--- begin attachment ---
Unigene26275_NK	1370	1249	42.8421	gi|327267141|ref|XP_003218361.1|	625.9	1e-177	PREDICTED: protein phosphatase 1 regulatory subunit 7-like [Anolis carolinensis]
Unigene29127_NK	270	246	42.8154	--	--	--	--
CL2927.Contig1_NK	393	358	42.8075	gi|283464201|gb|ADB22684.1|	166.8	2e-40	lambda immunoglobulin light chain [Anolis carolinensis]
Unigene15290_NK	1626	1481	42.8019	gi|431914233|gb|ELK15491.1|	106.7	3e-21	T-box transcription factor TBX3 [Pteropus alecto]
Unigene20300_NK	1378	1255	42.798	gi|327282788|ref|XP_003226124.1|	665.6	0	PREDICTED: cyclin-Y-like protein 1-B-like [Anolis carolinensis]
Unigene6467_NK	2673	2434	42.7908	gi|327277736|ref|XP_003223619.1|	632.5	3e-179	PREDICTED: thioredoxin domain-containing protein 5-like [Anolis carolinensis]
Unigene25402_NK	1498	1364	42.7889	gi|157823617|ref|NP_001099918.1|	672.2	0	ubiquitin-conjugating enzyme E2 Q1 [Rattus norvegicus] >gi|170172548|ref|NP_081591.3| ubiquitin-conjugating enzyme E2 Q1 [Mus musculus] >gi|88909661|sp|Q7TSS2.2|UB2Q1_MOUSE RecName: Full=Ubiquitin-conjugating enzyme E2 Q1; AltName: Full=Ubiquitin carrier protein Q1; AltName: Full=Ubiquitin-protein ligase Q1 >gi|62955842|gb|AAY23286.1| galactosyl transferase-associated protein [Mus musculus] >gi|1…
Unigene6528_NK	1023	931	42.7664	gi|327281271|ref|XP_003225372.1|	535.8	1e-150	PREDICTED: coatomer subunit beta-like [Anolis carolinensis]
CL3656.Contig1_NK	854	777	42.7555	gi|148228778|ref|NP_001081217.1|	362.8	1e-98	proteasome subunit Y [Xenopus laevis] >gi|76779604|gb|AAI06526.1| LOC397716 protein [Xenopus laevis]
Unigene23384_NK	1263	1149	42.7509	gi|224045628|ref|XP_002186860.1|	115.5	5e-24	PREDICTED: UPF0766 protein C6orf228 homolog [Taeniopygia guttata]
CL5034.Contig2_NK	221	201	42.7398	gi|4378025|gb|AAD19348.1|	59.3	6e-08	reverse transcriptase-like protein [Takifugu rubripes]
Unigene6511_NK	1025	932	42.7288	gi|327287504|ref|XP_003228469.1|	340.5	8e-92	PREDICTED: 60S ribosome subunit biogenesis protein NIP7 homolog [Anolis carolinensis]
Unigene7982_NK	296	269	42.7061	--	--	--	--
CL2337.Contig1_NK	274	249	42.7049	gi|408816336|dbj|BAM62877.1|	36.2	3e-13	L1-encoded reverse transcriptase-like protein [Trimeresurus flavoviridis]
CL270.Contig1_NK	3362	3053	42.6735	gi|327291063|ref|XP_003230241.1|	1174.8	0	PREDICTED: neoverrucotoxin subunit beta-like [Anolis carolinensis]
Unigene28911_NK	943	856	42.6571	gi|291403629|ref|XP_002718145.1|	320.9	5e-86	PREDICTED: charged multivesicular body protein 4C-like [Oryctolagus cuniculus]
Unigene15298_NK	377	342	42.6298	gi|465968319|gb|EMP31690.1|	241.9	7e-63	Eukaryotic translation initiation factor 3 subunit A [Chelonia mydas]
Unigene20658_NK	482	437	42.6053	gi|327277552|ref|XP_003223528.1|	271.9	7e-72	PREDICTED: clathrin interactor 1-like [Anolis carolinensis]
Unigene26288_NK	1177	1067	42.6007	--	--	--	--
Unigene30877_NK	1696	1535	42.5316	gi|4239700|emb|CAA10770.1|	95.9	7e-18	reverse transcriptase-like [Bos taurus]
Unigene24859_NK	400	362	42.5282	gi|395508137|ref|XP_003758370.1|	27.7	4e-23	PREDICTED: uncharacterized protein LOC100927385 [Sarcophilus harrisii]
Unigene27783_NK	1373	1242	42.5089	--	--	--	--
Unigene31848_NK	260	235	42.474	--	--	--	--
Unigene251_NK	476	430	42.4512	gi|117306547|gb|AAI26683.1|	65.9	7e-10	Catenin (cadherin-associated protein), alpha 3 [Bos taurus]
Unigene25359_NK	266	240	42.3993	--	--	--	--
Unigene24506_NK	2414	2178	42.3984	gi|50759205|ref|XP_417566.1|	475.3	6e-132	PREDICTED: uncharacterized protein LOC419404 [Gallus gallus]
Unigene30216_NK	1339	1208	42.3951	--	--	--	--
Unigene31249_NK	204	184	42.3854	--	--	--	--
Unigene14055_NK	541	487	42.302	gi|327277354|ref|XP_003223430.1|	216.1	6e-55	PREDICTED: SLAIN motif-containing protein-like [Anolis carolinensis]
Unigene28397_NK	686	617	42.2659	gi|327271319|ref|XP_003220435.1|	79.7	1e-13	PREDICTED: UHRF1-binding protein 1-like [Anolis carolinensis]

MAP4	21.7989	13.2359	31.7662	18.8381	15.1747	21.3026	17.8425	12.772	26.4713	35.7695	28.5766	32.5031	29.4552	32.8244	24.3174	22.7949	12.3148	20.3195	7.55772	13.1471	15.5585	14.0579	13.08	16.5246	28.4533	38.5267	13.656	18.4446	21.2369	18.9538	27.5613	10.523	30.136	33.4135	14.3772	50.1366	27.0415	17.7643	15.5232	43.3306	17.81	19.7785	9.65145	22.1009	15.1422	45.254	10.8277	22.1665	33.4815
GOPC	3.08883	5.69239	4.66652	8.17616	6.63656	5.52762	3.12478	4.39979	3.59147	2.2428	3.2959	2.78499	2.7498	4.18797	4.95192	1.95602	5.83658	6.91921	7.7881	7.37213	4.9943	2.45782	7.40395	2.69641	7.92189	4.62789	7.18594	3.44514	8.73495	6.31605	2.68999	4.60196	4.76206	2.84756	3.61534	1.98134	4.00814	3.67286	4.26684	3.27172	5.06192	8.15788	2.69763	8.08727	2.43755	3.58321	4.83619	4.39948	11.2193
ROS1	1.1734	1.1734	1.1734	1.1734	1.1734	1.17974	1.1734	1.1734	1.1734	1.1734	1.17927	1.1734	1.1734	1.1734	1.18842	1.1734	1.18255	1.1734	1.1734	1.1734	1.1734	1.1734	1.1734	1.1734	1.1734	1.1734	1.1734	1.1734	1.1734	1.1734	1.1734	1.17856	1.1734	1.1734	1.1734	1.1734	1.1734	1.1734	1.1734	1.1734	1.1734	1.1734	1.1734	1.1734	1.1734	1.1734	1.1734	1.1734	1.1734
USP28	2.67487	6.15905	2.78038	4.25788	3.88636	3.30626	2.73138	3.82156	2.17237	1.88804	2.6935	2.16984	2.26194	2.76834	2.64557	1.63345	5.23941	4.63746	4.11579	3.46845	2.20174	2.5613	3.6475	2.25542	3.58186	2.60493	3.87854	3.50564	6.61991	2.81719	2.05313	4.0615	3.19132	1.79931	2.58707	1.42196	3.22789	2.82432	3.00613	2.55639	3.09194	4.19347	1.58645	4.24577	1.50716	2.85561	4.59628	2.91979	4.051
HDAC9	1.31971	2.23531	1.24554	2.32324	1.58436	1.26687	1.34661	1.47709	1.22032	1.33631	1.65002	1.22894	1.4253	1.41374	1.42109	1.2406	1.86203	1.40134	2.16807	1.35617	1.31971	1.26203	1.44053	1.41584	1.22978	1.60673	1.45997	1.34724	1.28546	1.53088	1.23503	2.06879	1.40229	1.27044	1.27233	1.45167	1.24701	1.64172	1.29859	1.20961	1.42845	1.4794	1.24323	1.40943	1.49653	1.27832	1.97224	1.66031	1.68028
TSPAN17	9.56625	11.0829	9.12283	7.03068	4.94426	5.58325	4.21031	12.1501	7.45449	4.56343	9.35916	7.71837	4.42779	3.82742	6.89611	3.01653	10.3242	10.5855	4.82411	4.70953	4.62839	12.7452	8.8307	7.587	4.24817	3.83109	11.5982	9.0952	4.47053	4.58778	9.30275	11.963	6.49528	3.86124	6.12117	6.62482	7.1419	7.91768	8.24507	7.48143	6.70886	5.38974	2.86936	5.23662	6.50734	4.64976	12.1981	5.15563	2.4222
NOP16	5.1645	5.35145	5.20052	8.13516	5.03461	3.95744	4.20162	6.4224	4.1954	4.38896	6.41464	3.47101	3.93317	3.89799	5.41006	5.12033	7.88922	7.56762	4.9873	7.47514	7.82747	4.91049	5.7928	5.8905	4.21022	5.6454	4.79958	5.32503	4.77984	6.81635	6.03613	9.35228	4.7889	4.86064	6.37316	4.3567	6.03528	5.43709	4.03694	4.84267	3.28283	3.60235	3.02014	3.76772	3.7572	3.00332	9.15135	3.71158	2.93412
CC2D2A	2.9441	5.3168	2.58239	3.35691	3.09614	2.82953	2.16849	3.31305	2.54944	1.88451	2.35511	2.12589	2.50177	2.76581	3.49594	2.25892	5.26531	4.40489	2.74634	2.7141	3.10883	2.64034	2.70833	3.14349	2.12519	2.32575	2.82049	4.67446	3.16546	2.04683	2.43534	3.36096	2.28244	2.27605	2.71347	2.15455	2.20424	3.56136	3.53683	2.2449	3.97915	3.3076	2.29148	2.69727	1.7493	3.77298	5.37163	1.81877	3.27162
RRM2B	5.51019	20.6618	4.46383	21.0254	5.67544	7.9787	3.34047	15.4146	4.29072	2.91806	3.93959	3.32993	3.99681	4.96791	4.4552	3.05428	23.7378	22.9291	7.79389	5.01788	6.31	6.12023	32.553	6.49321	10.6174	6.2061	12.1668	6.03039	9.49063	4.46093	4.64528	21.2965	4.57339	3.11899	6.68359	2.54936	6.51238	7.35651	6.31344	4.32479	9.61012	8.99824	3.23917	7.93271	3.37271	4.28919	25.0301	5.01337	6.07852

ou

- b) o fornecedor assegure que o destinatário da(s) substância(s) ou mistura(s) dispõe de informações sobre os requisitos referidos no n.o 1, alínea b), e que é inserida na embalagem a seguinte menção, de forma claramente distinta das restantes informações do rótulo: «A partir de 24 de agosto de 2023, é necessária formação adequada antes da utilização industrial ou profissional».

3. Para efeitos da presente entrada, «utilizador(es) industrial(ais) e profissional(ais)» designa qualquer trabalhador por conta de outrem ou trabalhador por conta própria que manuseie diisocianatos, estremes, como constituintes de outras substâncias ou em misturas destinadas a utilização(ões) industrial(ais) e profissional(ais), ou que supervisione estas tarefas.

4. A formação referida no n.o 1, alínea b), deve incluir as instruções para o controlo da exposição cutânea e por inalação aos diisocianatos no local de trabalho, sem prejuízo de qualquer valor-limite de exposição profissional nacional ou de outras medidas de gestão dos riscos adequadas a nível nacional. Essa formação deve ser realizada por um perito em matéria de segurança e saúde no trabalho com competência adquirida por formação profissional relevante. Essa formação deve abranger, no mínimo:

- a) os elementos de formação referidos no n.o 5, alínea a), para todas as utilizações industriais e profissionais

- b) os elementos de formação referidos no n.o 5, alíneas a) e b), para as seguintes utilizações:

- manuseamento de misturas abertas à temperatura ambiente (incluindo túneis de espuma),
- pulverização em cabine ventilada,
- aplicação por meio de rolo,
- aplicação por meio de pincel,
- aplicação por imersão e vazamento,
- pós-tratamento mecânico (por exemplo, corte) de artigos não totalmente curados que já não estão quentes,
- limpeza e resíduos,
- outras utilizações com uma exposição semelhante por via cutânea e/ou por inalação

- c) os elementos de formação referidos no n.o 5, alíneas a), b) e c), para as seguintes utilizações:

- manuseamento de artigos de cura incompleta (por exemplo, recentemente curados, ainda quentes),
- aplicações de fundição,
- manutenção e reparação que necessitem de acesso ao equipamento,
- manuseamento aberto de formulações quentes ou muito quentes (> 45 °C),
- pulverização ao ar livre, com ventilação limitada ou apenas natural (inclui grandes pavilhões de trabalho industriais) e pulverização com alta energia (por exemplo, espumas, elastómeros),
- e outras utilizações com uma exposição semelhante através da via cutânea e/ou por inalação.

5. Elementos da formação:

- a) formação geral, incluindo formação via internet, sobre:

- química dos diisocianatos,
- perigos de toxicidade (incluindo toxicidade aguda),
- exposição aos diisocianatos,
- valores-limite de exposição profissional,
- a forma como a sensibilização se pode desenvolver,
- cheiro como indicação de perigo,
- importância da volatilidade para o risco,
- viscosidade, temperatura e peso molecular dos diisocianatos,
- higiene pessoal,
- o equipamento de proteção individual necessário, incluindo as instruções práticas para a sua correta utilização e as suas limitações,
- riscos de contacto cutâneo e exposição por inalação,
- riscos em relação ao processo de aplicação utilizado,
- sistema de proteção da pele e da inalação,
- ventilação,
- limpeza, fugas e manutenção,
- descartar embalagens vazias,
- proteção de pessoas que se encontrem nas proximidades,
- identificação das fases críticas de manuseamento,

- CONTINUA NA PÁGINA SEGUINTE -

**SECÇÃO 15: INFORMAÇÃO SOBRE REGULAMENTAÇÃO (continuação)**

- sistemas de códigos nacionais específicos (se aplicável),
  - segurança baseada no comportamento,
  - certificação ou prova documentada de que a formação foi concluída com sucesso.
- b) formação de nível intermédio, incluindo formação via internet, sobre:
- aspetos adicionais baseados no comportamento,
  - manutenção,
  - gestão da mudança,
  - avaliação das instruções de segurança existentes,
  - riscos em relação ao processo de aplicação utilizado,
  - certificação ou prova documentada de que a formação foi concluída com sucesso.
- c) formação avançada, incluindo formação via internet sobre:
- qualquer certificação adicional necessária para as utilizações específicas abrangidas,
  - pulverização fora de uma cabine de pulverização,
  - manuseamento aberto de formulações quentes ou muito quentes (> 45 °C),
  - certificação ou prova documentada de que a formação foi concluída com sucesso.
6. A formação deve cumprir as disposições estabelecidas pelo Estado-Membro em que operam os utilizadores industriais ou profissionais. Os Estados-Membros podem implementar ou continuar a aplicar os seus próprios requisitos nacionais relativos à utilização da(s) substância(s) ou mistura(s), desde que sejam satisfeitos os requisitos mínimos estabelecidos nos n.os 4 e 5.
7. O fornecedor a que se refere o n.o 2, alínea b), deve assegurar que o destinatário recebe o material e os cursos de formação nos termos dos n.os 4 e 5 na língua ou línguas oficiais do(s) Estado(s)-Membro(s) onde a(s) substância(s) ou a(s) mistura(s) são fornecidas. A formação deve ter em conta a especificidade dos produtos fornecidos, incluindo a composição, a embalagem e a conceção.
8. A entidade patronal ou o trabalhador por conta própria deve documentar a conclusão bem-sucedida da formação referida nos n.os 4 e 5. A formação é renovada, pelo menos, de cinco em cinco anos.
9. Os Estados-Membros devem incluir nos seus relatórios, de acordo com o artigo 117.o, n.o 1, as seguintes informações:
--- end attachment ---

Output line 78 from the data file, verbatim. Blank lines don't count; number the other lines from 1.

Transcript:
- descartar embalagens vazias,